Charles Dickens English writer and social critic

Charles John Huffam Dickens was an English writer and social critic. He created some of the world's best-known fictional characters and is regarded by many as the greatest novelist of the Victorian era. His works enjoyed unprecedented popularity during his lifetime, and by the 20th century critics and scholars had recognised him as a literary genius. His novels and short stories are still widely read today.


The novel is set in London at the turn of the 20th century and its plot focuses on the machinations and developments of finance capital, something that is often considered to be unusual for Brecht as his work is traditionally viewed as being based more concerned with conditions of industrial production. The plot is organised around the activities of three different financial consortiums which are taking place in London. Three central characters each take their place with their own strand of the capitalist economy in order to shows ways in which this economy can be seen to effect each individual person in complex and often unpredictable ways. A character named Peachum maintains a syndicate of street beggars whom he ruthlessly exploits, a character named Coax attempts to invest in a commercial shipping venture and Macheath, a gangster, the origin of the song "Mack the Knife", maintains a commercial venture. Macheath is presented in the novel as someone who has left behind his previous life as a cut-throat gangster and instead is now attempting to make serious progress in business by engaging in direct competition and attempting to absorb and defeat his competitors in a commercial sense. As well as depicting Macheath's rise to power, the novel also focuses on the ways in which Macheath is able to court Polly, the daughter of a rich individual known as Peachum. Brecht employs a series of complex plot twists and turns in order to demonstrate Macheath's legitimate rise to power and to show the way in which he is able to do this often with legal sanction. The novel ends with Macheath as someone who restructures his business, takes over his competitors and eventually becomes the head of a large and important bank.

Financial capital is any economic resource measured in terms of money used by entrepreneurs and businesses to buy what they need to make their products or to provide their services to the sector of the economy upon which their operation is based, i.e. retail, corporate, investment banking, etc.

"Die Moritat von Mackie Messer" is a song composed by Kurt Weill with lyrics by Bertolt Brecht for their music drama Die Dreigroschenoper, or, as it is known in English, The Threepenny Opera. It premiered in Berlin in 1928 at the Theater am Schiffbauerdamm. The song has become a popular standard recorded by many artists, including a US and UK number one hit for Bobby Darin in 1959.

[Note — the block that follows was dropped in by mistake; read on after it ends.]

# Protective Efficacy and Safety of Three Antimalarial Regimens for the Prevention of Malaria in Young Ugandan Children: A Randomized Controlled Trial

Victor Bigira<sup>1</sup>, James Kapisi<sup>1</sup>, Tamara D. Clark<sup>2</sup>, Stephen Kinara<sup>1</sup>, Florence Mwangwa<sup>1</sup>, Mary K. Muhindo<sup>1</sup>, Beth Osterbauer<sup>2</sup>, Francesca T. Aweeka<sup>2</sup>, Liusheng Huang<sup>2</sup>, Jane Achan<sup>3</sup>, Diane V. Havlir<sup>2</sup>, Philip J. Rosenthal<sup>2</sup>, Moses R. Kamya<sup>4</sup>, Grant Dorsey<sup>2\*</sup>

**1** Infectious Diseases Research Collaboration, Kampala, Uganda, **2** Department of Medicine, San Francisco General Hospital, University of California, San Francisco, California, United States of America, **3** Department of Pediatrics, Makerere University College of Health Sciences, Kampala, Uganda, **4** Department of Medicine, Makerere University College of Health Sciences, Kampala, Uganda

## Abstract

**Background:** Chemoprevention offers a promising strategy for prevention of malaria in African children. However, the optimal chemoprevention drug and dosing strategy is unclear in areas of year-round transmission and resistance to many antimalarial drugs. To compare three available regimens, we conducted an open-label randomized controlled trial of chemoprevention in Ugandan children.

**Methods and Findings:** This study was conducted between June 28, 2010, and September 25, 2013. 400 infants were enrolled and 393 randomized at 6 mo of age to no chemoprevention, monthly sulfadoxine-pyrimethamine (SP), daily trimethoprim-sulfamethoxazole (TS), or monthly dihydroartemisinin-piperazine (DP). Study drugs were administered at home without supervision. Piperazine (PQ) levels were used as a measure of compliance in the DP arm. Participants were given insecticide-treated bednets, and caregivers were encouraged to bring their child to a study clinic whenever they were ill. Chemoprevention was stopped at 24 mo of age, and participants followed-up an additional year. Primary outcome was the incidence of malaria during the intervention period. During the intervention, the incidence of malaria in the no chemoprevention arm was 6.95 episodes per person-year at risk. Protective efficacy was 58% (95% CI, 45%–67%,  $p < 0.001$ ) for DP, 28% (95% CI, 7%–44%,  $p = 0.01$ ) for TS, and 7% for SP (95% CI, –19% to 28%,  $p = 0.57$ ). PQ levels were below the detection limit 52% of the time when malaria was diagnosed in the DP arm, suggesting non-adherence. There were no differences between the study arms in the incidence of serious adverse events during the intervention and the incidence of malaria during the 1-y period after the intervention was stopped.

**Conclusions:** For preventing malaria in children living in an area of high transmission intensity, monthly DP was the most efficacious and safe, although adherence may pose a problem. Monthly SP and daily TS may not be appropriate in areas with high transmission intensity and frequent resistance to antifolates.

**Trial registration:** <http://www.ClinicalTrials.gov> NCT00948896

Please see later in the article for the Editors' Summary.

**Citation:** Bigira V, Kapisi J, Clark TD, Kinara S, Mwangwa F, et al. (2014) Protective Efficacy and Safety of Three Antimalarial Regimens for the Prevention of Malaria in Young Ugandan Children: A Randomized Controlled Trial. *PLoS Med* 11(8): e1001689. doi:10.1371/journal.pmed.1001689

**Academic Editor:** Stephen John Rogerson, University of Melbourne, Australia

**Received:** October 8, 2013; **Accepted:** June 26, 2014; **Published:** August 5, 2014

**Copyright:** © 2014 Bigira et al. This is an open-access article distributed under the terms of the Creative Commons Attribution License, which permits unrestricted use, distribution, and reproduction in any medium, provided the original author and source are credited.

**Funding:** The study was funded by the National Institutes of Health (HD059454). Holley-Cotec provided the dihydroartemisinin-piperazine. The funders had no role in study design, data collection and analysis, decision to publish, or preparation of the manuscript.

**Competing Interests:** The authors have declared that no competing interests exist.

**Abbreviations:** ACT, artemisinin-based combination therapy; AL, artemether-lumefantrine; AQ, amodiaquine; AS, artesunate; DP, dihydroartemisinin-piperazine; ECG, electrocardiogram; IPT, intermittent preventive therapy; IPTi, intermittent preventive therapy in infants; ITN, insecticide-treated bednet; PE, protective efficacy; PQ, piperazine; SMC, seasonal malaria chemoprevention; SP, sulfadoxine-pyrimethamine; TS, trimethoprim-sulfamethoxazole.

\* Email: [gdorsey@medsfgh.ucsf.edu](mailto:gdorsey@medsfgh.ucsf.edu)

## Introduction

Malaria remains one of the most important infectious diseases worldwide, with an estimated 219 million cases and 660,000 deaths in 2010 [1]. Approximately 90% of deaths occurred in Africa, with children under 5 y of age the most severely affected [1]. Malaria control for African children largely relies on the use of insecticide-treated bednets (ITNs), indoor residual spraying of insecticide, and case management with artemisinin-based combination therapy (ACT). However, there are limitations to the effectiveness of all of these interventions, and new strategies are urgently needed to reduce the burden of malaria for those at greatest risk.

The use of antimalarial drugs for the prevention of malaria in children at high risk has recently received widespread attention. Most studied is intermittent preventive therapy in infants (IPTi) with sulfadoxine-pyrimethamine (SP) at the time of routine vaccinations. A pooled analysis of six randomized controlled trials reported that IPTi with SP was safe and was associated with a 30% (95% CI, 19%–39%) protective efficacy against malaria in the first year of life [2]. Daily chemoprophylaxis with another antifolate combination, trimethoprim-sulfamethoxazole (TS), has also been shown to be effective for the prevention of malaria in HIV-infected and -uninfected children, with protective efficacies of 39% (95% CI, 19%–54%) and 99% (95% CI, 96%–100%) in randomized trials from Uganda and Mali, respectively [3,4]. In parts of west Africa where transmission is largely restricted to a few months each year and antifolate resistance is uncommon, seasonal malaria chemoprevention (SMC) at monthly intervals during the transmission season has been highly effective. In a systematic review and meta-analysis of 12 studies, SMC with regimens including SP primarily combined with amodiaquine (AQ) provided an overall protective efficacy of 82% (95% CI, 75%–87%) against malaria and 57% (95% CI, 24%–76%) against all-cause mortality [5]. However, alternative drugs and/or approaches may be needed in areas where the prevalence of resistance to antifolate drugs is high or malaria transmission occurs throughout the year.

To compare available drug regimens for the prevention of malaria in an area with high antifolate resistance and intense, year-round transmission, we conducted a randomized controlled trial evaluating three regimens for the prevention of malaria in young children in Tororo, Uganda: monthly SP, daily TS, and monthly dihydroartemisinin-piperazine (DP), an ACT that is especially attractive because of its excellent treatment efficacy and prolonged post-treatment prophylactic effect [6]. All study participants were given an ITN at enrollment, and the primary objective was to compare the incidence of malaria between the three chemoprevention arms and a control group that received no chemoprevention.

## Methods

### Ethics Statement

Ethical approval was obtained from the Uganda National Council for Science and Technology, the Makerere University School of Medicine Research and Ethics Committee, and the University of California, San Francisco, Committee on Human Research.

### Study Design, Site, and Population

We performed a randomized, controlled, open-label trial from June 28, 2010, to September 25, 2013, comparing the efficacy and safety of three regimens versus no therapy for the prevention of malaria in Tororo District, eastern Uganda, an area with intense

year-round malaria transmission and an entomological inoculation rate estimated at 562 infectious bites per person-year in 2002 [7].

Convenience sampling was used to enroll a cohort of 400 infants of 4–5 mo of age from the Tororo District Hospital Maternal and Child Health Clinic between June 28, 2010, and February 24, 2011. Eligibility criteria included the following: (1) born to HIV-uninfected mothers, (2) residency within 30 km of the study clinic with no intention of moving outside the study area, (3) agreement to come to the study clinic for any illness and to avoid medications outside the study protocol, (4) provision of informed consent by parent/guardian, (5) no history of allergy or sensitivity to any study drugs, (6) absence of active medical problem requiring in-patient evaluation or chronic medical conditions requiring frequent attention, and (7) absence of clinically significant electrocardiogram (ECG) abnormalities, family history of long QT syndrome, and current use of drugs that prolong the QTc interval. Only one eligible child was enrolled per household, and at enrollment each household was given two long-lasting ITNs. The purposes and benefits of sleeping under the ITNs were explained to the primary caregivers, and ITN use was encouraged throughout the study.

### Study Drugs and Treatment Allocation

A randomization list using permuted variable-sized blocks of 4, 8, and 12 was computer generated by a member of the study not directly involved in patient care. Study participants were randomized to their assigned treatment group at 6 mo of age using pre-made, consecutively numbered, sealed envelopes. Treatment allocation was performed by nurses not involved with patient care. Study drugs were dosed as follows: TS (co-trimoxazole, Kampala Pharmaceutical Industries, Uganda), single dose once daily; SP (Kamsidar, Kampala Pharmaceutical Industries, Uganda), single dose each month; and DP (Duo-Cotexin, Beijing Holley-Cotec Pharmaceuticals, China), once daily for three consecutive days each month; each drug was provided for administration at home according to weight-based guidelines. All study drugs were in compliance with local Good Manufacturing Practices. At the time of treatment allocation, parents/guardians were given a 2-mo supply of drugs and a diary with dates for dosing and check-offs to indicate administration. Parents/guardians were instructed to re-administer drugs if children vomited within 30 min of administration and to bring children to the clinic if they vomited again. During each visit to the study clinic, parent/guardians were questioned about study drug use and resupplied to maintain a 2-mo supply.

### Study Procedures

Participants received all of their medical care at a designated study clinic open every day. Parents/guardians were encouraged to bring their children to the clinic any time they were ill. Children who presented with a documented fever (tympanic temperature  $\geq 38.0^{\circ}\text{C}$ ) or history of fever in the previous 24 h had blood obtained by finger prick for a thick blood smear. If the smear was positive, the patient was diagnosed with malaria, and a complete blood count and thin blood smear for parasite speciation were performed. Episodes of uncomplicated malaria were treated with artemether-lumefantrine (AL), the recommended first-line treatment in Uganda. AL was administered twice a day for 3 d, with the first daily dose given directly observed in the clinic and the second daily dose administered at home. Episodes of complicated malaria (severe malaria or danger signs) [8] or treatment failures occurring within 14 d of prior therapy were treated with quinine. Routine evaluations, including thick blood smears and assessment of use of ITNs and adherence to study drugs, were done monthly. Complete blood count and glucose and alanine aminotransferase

The novel is intended as a critique of finance capital and of the a society that encourages sociopathic behaviour in order to achieve success. It is known that Brecht directly based his understanding of Macheath's own business strategies on the contemporary corporate strategies, especially modelling it on those pioneered by major German stores and supermarkets such as Karstadt and EPA  [ de ]. [2] As such, the novel is set both between London at the end of the 19th century and Brecht's contemporary Germany. Several details in the novel can be seen to represent a satire of these conditions. Notably several characters die in horrific ways as a result of overwork necessitated by the system. At the same time, the world is shown to be one that encourages conflict and that actively translates the most gangsterish impulses into the sphere of bureaucracy into an acceptable mode for the modern world. Throughout the work, Brecht is keen to draw attention to the fact that the brutality and criminality of earlier modes of society have not been overcome in this process. At one key point in the novel this is shown as Macheath reminisces nostalgically about his previous life as a gangster and states that he wishes that he could return to these conditions in which conflict and violence could be carried out openly instead of being hidden behind bureaucracy.